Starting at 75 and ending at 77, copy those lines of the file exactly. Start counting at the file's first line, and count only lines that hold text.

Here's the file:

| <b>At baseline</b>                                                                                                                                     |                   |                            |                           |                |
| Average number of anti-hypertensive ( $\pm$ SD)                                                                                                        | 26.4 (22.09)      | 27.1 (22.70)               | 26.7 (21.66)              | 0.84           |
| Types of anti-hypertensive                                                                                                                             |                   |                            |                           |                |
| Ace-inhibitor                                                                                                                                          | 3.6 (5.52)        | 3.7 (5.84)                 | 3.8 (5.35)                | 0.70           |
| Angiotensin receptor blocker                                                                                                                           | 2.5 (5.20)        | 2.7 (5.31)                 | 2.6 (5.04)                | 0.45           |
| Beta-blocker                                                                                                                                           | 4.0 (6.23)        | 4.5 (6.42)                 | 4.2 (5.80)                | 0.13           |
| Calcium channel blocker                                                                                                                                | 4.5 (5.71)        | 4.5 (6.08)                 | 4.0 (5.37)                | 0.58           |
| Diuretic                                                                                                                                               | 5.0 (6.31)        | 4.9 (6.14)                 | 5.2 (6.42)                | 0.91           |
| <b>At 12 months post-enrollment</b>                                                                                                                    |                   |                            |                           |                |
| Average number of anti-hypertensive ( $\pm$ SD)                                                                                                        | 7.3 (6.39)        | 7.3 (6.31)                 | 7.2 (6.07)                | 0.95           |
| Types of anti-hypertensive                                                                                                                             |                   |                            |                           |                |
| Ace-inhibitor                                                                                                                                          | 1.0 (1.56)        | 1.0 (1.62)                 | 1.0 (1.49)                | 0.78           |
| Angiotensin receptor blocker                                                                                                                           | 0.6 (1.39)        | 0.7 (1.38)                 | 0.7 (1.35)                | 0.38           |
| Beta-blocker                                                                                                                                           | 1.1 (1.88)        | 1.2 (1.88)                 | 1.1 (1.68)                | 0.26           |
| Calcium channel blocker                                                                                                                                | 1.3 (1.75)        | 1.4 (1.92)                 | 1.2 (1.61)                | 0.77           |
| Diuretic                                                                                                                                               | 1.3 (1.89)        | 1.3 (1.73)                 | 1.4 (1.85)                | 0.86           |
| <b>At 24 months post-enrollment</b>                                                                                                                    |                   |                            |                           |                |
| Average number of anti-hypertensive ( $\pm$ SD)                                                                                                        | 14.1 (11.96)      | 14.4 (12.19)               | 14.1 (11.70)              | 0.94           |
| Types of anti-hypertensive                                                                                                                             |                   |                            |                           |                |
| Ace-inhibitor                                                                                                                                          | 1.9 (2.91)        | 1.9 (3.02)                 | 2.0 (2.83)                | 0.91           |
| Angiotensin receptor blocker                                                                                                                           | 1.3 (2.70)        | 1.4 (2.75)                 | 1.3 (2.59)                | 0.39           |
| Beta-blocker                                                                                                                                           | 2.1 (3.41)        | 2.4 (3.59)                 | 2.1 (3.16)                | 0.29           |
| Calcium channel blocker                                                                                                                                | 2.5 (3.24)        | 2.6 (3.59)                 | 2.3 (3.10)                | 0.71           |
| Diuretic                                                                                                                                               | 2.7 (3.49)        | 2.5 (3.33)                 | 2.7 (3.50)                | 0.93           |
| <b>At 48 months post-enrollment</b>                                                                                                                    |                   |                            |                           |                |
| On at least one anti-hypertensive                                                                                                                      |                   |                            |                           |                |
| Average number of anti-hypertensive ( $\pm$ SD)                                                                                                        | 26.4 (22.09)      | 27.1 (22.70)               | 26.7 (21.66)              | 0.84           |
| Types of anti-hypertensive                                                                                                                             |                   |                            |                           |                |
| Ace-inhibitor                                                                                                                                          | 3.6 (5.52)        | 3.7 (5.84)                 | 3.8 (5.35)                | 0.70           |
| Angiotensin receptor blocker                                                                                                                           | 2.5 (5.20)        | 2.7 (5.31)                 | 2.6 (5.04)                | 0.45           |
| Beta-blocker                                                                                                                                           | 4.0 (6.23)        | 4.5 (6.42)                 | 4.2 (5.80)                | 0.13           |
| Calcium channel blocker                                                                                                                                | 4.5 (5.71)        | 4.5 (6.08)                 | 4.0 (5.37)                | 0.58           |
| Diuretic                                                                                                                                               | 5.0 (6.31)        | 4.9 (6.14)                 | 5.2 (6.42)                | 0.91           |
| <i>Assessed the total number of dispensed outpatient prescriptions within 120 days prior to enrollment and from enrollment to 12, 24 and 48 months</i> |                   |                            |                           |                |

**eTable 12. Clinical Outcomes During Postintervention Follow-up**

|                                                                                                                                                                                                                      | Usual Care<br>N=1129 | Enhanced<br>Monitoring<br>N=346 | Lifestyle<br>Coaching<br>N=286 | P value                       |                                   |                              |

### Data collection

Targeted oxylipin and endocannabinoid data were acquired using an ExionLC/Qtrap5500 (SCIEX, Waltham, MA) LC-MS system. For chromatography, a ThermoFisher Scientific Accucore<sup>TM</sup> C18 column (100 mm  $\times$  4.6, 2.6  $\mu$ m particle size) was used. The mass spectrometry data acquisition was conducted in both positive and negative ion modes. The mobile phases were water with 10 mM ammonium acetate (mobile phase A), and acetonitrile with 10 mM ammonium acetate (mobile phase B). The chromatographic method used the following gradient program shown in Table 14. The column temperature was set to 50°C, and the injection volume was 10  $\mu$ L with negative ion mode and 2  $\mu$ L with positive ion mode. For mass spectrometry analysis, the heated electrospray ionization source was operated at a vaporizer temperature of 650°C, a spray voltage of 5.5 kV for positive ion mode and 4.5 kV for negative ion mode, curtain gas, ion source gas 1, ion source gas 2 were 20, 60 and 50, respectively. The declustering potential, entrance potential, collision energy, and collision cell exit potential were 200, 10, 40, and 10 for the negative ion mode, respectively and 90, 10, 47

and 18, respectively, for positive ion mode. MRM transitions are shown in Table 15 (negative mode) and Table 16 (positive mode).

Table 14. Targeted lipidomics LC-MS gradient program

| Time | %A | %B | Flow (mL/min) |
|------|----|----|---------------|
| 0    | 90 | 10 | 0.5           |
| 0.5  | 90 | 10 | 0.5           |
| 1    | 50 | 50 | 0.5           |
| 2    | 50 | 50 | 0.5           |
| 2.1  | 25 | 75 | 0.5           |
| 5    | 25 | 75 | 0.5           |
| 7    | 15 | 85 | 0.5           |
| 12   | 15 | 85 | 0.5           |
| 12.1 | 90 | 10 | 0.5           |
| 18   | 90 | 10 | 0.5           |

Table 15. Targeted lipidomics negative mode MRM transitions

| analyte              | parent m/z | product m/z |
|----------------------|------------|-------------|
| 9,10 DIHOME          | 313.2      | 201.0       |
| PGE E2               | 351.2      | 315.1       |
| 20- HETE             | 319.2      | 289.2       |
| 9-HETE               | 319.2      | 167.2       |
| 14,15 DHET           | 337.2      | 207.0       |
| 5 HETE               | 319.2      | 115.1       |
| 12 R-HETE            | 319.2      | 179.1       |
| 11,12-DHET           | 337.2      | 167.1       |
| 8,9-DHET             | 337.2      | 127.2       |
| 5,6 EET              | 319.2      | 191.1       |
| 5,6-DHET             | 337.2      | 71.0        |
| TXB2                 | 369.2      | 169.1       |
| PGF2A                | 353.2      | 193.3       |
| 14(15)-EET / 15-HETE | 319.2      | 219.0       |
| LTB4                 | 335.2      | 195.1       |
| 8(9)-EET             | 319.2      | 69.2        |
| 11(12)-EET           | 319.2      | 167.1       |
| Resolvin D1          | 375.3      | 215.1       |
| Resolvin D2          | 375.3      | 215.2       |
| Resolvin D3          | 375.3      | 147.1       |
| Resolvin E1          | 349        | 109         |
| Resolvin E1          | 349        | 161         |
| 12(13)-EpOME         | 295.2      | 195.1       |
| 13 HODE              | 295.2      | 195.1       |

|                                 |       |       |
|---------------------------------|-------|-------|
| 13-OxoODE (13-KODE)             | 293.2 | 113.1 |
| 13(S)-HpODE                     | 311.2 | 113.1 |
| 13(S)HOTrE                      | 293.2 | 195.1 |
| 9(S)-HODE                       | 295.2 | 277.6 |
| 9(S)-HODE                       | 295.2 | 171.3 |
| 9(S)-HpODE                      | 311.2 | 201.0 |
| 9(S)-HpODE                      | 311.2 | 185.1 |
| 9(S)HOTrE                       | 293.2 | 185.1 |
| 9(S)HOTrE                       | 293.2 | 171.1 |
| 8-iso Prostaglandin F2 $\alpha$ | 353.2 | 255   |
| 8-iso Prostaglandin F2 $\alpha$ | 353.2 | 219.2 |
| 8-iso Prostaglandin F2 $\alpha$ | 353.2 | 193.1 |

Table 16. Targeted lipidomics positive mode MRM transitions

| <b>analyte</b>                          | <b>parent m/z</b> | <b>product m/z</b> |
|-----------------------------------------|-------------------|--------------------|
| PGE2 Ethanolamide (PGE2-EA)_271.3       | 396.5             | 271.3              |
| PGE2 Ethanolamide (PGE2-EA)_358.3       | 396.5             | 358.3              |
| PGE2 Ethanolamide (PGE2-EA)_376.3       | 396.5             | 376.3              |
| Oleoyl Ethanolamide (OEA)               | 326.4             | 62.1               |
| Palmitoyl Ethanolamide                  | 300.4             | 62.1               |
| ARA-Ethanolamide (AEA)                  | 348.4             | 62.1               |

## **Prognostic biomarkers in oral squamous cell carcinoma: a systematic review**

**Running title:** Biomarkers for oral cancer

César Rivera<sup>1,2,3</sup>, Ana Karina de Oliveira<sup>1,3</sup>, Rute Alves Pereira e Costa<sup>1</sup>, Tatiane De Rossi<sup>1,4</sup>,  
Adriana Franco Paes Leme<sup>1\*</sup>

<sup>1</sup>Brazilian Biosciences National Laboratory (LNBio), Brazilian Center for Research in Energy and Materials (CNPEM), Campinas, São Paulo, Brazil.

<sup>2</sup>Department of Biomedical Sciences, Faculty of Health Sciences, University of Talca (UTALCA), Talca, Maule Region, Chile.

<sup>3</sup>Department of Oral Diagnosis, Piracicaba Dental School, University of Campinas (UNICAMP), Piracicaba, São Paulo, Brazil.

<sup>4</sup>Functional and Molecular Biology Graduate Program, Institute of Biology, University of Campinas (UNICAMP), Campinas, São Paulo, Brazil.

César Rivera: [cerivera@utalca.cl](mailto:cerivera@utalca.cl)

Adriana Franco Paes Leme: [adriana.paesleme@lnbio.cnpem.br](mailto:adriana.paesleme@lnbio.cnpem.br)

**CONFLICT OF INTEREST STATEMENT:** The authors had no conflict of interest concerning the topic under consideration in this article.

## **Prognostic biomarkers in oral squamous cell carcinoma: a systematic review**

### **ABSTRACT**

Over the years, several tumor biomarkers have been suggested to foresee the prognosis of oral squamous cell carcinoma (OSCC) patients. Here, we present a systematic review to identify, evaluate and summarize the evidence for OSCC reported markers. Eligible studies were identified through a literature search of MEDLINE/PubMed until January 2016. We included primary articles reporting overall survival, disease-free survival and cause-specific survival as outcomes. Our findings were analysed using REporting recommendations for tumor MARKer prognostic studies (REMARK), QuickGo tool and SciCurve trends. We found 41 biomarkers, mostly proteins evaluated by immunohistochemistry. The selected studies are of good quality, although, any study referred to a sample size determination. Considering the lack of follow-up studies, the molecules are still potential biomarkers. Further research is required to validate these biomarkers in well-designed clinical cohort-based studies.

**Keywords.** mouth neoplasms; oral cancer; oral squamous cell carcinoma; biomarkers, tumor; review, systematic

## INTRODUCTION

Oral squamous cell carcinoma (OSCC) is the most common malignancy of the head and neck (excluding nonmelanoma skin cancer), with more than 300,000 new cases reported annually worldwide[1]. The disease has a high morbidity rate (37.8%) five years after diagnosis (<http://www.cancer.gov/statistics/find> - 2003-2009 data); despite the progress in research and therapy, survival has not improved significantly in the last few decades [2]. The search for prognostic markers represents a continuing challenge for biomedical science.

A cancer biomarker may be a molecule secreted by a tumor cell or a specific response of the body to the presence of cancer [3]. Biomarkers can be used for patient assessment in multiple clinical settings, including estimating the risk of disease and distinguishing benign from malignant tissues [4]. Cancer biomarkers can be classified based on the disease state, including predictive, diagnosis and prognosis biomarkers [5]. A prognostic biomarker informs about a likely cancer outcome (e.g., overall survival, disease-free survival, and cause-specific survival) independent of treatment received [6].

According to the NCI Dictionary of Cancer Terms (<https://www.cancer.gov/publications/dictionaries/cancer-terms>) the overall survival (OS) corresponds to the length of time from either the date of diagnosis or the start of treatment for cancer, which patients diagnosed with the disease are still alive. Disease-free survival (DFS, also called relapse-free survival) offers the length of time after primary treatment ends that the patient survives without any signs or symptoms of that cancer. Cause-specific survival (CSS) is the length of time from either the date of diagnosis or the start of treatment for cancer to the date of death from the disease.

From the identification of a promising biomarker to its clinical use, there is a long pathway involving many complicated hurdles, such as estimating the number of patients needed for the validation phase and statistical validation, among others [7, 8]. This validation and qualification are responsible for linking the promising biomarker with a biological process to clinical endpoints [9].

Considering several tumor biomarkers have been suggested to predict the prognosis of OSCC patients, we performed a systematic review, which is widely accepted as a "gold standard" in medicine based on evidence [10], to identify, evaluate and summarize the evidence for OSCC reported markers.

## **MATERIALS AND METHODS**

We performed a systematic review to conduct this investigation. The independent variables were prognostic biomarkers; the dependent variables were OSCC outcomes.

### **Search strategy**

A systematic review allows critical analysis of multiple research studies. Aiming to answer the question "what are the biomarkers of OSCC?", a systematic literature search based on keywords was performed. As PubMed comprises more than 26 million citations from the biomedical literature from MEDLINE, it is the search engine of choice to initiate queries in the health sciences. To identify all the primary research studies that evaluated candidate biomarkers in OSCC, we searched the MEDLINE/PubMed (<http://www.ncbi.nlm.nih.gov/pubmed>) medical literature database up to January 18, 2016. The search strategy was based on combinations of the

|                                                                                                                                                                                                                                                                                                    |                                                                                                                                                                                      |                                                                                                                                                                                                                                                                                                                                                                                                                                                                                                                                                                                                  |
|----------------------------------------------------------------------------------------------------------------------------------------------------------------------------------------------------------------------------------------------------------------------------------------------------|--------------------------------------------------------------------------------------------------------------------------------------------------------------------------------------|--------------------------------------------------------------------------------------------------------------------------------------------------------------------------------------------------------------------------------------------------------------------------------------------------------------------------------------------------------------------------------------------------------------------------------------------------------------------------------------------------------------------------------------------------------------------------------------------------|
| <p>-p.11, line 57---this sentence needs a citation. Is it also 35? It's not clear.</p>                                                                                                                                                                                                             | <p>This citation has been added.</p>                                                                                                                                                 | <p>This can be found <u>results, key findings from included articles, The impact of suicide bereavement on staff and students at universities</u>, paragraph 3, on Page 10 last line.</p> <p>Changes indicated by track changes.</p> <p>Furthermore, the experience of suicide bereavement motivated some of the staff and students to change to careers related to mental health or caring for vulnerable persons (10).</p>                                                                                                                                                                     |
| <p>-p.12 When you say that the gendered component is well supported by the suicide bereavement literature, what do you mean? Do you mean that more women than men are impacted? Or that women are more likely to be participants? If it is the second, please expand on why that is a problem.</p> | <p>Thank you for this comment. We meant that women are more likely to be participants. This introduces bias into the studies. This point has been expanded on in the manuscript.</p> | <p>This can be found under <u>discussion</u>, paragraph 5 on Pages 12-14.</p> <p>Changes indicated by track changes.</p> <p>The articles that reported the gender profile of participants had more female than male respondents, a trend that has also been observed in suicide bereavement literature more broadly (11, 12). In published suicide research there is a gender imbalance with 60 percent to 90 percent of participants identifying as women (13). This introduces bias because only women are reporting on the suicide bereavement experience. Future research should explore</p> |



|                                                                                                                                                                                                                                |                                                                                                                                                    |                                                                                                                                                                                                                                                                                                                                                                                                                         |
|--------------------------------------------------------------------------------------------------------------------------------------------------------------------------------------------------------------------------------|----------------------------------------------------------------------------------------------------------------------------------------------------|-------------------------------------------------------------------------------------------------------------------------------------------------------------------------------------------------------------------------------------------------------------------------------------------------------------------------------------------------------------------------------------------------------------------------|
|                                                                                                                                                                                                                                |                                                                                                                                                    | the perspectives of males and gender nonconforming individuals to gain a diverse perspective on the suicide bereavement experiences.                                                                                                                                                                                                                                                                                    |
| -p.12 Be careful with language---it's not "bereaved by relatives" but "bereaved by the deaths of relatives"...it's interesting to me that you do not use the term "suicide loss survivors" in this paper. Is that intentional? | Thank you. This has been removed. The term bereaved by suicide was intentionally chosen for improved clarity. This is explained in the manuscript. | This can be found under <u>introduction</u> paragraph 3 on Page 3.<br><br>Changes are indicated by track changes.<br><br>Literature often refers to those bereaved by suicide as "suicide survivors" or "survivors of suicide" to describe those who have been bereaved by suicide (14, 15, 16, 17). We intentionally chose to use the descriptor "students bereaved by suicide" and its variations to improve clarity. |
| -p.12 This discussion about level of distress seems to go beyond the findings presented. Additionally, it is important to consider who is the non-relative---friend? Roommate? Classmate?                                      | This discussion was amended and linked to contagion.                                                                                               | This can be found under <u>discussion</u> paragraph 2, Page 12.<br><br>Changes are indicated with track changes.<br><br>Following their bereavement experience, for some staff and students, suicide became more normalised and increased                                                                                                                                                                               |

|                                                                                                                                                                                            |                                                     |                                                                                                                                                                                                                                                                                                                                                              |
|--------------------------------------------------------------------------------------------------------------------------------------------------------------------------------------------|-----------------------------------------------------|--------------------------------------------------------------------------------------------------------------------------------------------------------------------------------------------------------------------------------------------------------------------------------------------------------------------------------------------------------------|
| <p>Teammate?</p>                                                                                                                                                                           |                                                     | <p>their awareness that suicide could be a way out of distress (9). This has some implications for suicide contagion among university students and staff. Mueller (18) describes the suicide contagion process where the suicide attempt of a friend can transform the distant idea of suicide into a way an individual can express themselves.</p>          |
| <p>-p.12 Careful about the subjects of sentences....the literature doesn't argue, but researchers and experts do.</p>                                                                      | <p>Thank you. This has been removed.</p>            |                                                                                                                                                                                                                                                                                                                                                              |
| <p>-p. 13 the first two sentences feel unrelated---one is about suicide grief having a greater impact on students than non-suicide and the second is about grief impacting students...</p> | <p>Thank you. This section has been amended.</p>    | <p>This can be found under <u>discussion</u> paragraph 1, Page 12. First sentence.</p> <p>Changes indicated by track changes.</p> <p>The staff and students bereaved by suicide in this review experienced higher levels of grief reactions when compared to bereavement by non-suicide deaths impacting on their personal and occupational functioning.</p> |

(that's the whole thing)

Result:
| Resolvin D3          | 375.3      | 147.1       |
| Resolvin E1          | 349        | 109         |
| Resolvin E1          | 349        | 161         |